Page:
Tuesday, Jun 18th

Last update12:59:40 PM GMT

Hubs, Bridges, Switches and Routers

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Network ElementsThese are some of those network boxes which always confuse us with what function they perform :) Let’s try to clear up some air, from the most basic to the most advanced of these boxes



  • Its function is to repeat, i.e. forward every frame it receives to the output wire
  • It does not amplify the signal, only regenerates it by removing noise
  • It is bi-directional in nature
  • Useful if you want to increase the size/length of your Ethernet (cable)
  • There can be a maximum of 5 repeaters in an Ethernet


  • Hub is nothing more than a multiport repeater
  • It can be used to divide a single LAN into multiple levels of hierarchy
  • A hub takes the incoming data packet from a port and copies it out to all the other ports. It doesn't perform any filtering or redirection of data.
  • A good analogy for a hub is that of an Internet Chat room.  Everything that everyone types in the chat room is seen by everyone else. And, if there are too many people trying to chat things get bogged down; same thing happens with a Hub.

Both hub and repeater function at the Physical Layer (Layer 1) of the OSI model


  • A bridge is used to connect similar or dissimilar LANs
  • It is designed to store and forward frames
  • Bridges are Protocol independent and are transparent to End Systems, i.e. they don't know anything about protocols, they just forward data depending on the destination address in the data frame
  • A bridge operates at the layer 2 (and also layer 1 if it functions as a hub)
  • It uses a table of addresses for filtering and routing frames (remember at layer 2 we have frames, while at layer 3 packets). So if your frame does not have a valid address, it won’t be sent across the bridge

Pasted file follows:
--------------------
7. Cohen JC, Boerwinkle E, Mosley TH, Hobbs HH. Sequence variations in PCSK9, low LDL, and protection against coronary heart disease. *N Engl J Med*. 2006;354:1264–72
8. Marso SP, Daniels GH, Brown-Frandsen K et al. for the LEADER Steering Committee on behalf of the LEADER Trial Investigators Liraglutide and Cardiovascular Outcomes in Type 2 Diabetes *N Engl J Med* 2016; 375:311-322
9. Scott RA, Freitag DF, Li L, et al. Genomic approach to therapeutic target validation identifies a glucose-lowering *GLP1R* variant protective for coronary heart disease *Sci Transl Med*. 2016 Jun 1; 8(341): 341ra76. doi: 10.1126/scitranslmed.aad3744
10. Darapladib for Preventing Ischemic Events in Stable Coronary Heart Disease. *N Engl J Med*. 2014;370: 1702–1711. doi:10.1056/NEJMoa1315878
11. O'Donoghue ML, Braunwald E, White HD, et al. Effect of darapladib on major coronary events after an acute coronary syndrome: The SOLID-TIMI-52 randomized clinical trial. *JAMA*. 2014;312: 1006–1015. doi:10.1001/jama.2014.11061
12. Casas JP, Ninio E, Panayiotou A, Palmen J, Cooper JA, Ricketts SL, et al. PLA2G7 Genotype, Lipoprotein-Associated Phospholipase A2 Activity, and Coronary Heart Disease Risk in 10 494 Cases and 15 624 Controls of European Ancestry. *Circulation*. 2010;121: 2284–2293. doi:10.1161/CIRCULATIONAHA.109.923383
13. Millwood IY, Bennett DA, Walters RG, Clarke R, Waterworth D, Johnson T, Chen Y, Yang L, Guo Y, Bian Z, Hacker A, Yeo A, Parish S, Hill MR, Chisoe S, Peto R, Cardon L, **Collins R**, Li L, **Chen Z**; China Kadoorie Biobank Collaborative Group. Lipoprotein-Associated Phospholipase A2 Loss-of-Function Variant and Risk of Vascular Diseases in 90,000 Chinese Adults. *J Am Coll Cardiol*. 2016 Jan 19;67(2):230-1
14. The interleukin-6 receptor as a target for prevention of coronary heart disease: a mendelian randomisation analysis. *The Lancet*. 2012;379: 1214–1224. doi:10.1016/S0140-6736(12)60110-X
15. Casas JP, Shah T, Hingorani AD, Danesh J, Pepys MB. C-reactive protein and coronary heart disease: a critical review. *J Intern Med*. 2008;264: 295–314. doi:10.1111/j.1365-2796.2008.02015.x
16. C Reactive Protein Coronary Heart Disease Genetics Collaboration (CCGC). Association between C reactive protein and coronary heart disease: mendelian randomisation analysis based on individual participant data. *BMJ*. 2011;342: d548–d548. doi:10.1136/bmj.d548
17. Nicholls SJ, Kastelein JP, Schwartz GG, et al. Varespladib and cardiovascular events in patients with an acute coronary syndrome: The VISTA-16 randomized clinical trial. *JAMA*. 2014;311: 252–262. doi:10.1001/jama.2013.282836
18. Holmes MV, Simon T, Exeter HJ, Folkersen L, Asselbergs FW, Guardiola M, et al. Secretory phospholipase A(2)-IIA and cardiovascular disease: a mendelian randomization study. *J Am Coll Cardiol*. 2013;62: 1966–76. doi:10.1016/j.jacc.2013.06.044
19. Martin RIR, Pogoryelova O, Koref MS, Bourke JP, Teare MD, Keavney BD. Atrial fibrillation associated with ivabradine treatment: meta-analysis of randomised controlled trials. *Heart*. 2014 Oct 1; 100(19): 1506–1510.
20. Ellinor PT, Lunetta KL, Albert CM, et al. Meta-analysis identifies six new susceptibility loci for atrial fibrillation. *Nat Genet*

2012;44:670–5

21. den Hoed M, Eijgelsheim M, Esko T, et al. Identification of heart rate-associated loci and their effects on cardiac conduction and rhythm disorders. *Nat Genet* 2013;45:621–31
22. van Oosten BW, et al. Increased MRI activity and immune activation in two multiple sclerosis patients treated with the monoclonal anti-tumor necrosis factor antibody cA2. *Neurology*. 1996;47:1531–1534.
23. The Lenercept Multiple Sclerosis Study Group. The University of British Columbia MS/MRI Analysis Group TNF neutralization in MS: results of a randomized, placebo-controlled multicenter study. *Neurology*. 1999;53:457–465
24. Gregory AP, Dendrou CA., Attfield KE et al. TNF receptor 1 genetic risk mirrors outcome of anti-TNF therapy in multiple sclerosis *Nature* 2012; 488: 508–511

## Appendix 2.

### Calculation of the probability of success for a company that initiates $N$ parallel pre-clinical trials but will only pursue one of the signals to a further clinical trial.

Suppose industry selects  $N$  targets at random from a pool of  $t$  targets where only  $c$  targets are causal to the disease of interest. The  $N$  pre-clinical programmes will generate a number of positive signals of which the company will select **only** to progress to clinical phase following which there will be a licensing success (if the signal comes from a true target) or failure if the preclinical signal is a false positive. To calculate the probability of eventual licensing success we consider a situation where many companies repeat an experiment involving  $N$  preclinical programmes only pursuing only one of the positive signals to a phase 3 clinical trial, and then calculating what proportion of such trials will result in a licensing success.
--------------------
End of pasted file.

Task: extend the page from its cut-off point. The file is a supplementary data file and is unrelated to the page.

• This address is the MAC (Media Access Control) address that is unique to each network adapter card.
  • With a Bridge, all your computers become connected in the same network subnet, so you can communicate between computers or share an Internet connection.
  • DHCP servers will work fine across Bridges, or if you assign your own IP addresses, you'll use the same first 3 "octets" of the IP address (Example: 192.168.0.X)
  • Bridges don't require programming.  They learn the addresses of the computers connected to them by listening to the data flowing through them.
  • Bridges are very useful for joining networks made of different media types together into larger networks, and keeping network segments free of data that doesn't belong in a particular segment.


  • Generally, a switch is nothing more than a fast bridge.
  • Switches have multiple ports with the same "flavor" connection (Example: 10/100BaseT)
  • They improve performance in a heavily loaded network by isolating data between 2 lightly used computers from data intended for a heavily used server.
  • "Auto sensing" switches also allow mixing of 10 and 100Mbps connections, without the slower 10Mbps transfer affecting the faster 100Mbps flow.


  • Routers are perhaps the most popular network elements, with almost everyone having one in their homes these days (btw, i pronounce them as 'rooters' :))
  • Routers also forward data packets from one place to another but they are Layer 3 devices, and forward data depending on the Network or IP address, rather than the Hardware (MAC) address.  For TCP/IP networks, this means the IP address of the network interface
  • Routers isolate each LAN into a separate subnet, so each network adapter's IP address will have a different third "octet" (Example: and are in different subnets)
  • They are required in large networks because the TCP/IP addressing scheme allows only 254 addresses per (Class C) network segment
  • Routers, like bridges, provide bandwidth control by keeping data out of subnets where it doesn't belong. However, routers need to be configured before they can get going, although once set up, they can communicate with other routers and learn the way to parts of a network that are added after the initial configuration


  • Gateways function at the Layer -7 Relay or Application Layer
  • The meaning of "gateway" has changed over the years and tends to depend on context. They generally convert one protocol to another or provide a conversion of packets between one system and a dissimilar other system. For example, a voice gateway may translate between VoIP and normal phone lines. 
  • Whenever you need a network change, like when voice travels from a mobile phone to a landline, gateways come into picture. They convert data understood by one system to the language of the other system, so they can communicate.

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